Past Reviews

Regional Reviews: San Francisco/North Bay

The Hunchback of Notre Dame
Bay Area Musicals
Review by Patrick Thomas | Season Schedule

Clay David
Photo by Ben Krantz
The Disney oeuvre includes many dark moments: the death of Mufasa in The Lion King, long stretches of Pinocchio (kids in cages ring a contemporary bell?), and perhaps the darkest of all, and source of many a childhood nightmare, the death of Bambi's mother. Ultimately, though, each of those stories manages a happy ending. Simba assumes his father's throne, Pinocchio is turned into a real boy, and Bambi becomes a father and Prince of the Forest. (Retroactive spoiler alert.)

But The Hunchback of Notre Dame, the musical based on the Disney film which is in turn based on the famed novel by Victor Hugo, takes its audience to the very darkest corners of the Mind of the Mouse, and no one escapes unscathed. If you come to this show—the finale of Bay Area Musicals' 2017-2018 season—looking for a happy resolution, you will have to take heart in the minor comfort that not everyone dies by the time the curtain falls.

It's fitting that this production is staged in the Mission District's Victoria Theatre, for the surrounding neighborhood is filled with immigrants and "outcasts"—not unlike the vision of 15th century Paris that is the setting of Hunchback. "Criminals, foreigners and gypsies," the villain Frollo (Clay David) exclaims, have "infested" Paris (thanks to "borders as porous as a sieve") and must be driven out by any means possible. Remind you of anyone?

Yet it is Frollo himself who harbors the ultimate outcast: his dead brother's son Quasimodo (Alex Rodriguez), whom he has locked away in the belfry where he is slowly being deafened by the ringing of the giant bells. The cathedral is Quasimodo's entire universe—until the Feast of Fools comes and Quasimodo sneaks out of the church for a day, and meets the gypsy Esmeralda (Alysia Beltran) who suggests he enter the contest for "King of the Fools," the criteria for which is being the "ugliest person in France." Thanks for the vote of confidence, Esme. (The two-level set, by Bay Area Musical's artistic director Matthew McCoy, is at its best and most colorful during this segment.) Chastened by the treatment he receives at the hands of the mob, and reproached by Frollo for straying, Quasimodo (whose name translates as "half-formed") retreats back to his bell tower, vowing never to leave it. But thanks to the evil machinations of Frollo, danger and despair will come to his sanctuary, and force him into the secret corners of Paris in an attempt to save Esmeralda and her fellow gypsies from the font of Frollo's rage, whose source is repressed sexual desire. (Frollo, it seems, would be right at home in the modern Vatican.)

In the book by Peter Parnell, the plot lacks the simple story arc of so many Disney movies. In, for example, The Little Mermaid, we know exactly what Ariel wants and what she must do to get it. (Like Quasimodo, she desires an escape from a confining world.) Here, the story is a little muddier and Quasimodo's dreams are less clear: Does he desire escape alone? Or is it love he seeks? Or merely simple acceptance? This lack of clarity, and the chaos of so many forces impinging on Quasimodo's hopes—Frollo, the gypsy community, the monarchy, and xenophobia in general—combine to prevent this musical from ever really gaining narrative traction.

Despite this, there are several solid performances here, and one that rescues the show from getting mired in complexity.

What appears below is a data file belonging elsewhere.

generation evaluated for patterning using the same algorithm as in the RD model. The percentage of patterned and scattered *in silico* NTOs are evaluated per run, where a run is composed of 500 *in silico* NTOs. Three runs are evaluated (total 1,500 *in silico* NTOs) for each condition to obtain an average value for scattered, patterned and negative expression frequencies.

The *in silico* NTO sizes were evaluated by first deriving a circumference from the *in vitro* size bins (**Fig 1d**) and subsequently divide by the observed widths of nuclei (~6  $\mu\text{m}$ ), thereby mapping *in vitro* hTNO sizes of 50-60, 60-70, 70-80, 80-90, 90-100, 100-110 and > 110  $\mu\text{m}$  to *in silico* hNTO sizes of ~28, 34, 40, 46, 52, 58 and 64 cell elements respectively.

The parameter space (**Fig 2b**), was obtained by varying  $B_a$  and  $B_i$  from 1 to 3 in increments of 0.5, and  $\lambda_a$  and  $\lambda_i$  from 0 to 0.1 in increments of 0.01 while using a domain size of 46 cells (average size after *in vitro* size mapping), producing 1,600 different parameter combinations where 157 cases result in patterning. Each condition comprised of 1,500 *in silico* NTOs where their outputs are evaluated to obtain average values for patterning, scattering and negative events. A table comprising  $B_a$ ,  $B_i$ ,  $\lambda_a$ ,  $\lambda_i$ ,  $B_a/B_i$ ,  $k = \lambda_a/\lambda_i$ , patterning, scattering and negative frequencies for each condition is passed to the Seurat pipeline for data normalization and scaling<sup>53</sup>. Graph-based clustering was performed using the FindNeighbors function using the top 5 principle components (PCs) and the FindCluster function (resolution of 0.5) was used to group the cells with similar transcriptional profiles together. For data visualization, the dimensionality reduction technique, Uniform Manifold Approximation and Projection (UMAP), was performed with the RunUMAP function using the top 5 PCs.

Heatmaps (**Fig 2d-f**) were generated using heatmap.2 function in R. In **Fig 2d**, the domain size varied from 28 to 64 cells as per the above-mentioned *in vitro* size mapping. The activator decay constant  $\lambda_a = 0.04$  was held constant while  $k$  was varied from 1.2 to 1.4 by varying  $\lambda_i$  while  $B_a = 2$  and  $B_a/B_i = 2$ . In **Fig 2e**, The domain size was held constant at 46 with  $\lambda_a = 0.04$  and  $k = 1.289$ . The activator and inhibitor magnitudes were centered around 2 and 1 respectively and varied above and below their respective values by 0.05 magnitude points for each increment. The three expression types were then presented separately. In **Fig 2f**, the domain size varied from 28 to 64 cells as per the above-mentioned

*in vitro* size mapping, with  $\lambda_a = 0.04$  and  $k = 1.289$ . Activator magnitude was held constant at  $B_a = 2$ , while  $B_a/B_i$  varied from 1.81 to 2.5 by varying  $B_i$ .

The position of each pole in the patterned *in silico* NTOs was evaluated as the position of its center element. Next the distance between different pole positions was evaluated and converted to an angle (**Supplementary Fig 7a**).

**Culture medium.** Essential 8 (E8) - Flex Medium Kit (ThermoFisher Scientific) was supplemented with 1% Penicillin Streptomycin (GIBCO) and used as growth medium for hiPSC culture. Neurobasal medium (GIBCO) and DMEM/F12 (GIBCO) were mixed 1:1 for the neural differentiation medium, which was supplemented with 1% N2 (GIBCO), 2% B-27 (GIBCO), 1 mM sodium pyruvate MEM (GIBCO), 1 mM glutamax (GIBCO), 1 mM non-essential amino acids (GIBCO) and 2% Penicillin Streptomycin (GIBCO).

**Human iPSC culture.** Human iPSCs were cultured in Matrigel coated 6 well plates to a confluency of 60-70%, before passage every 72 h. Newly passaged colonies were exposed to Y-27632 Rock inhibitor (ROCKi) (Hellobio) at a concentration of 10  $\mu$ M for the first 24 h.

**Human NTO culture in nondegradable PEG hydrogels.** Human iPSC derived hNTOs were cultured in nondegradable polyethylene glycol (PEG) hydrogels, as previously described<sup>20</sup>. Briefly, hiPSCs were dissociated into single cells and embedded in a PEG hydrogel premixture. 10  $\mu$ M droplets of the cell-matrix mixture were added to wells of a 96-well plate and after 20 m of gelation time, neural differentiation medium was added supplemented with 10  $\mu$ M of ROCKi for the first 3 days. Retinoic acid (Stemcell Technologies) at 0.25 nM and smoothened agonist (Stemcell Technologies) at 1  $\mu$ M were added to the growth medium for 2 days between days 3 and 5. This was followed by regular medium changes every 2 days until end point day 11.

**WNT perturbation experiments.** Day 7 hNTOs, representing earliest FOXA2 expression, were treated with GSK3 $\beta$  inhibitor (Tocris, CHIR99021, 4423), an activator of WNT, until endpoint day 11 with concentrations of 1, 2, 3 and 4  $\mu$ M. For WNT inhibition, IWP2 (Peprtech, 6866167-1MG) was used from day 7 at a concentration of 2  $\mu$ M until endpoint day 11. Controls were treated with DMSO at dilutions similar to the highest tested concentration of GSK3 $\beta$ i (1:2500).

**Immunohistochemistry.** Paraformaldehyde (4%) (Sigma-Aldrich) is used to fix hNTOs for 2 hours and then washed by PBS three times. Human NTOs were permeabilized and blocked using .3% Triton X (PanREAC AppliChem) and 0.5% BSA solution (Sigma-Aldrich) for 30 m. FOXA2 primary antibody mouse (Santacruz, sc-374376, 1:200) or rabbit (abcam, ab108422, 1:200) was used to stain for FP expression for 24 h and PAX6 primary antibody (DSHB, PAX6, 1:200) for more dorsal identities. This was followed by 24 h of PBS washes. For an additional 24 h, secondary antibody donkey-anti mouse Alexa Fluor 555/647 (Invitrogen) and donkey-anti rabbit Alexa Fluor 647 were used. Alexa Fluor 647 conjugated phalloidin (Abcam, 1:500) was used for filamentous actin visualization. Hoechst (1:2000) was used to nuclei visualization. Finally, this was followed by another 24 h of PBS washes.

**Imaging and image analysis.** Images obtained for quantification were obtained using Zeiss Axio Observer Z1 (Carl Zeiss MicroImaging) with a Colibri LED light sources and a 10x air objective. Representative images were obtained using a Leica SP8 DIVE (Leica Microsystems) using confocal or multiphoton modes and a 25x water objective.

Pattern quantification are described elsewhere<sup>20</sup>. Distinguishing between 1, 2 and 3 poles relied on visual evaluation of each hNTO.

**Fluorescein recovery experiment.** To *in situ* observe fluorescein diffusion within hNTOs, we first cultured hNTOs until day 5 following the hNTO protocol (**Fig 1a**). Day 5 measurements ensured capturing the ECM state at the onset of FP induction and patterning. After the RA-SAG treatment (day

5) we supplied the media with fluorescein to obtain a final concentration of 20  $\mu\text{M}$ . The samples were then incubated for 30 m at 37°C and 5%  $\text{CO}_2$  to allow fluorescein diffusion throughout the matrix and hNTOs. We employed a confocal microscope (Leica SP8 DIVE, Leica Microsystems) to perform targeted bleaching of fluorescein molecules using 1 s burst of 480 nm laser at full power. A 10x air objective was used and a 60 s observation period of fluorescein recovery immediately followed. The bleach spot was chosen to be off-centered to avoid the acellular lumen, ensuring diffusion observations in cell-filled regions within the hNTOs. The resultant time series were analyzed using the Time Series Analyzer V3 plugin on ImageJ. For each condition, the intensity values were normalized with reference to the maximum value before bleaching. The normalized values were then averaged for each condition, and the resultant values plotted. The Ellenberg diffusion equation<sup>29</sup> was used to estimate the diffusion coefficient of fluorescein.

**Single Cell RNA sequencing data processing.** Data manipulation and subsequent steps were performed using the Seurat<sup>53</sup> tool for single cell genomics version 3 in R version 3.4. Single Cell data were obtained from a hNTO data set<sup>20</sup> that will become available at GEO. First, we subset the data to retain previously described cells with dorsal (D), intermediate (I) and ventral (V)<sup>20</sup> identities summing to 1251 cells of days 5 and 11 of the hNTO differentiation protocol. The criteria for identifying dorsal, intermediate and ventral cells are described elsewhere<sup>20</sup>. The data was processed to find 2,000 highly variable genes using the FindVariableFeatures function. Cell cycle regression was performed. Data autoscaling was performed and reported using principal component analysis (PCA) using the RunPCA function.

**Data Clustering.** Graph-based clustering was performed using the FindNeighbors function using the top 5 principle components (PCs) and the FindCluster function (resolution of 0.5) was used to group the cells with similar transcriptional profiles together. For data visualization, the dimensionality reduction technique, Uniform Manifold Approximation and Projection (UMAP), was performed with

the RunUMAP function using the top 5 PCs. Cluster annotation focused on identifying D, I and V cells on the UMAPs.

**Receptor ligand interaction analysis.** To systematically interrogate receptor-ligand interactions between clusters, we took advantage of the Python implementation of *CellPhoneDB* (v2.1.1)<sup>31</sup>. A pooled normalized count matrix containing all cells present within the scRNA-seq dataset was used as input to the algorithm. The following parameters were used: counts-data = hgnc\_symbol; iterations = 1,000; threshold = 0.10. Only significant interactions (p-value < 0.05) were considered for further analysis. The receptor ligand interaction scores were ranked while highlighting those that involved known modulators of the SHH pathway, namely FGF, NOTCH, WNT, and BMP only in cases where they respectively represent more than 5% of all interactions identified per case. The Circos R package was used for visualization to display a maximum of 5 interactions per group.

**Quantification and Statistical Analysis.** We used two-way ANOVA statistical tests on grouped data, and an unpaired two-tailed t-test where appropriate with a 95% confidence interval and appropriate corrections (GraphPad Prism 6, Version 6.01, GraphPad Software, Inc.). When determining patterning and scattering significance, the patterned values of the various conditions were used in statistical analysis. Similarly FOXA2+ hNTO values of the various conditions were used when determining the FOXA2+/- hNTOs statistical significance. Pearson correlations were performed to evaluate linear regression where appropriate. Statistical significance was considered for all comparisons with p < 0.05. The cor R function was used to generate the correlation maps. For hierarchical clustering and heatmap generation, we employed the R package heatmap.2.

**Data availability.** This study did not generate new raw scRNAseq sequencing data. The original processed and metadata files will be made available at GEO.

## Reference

I was slow to warm to Alex Rodriguez as Quasimodo, but by the end of the evening (once he'd lost the severe stutter of his early lines), he had shown us the courageous core at the heart of a man who had been vilified and trod upon since his illegitimate birth. His strong voice is filled with emotion and longing, perfect for this role. Likewise, Alysia Beltran's sweet soprano is delightful, but she needs significant improvement in her acting skills, often coming across stiff and stagey in her line readings.

The ensemble is also wonderful, delivering powerful choruses, well-defined harmonies, and appropriate support during solo number by the leads. They are equal to the imaginative choreography by Matthew McCoy, and jell well as a group. (Though I'd like to see costume designer Brooke Jennings do something a little more spectacular for the talking and singing gargoyles of Quasimodo's fantasies. The faux-stone finished hooded tunics with tiny cat-like ears just don't cut it.)

But the standout in the cast is clearly Clay David's Frollo. He brings a delicious sense of menace to the stage every time he enters. His rhythms are spot-on, never rushing his lines, and the dissonance between his odd affection for Quasimodo and his disgust for the hideous creation of his brother's sinfulness are marvelous to watch. Every time he's on stage, your attention can't help but be drawn to him; he is the engine of the plot, and David keeps that engine revving at just the perfect speed.

Despite some minor technical difficulties at the performance I attended (odd lighting cues, and props that flew in and out at unexpected times), the production is well done. (Especially one of the final moments that suggests the pouring of hot lead on an unsuspecting throng.) It's just that the show itself—and a score that recycles themes composer Alan Menken and lyricist Stephen Schwartz have used in previous work for Disney—lacks the narrative drive that is required to fully engage an audience.

The Hunchback of Notre Dame, through August 5, 2018, at the Victoria Theatre at 2961 16th Street in San Francisco's Mission District. Tickets range from $35-$80, and are available now by calling 415-340-2207 or visiting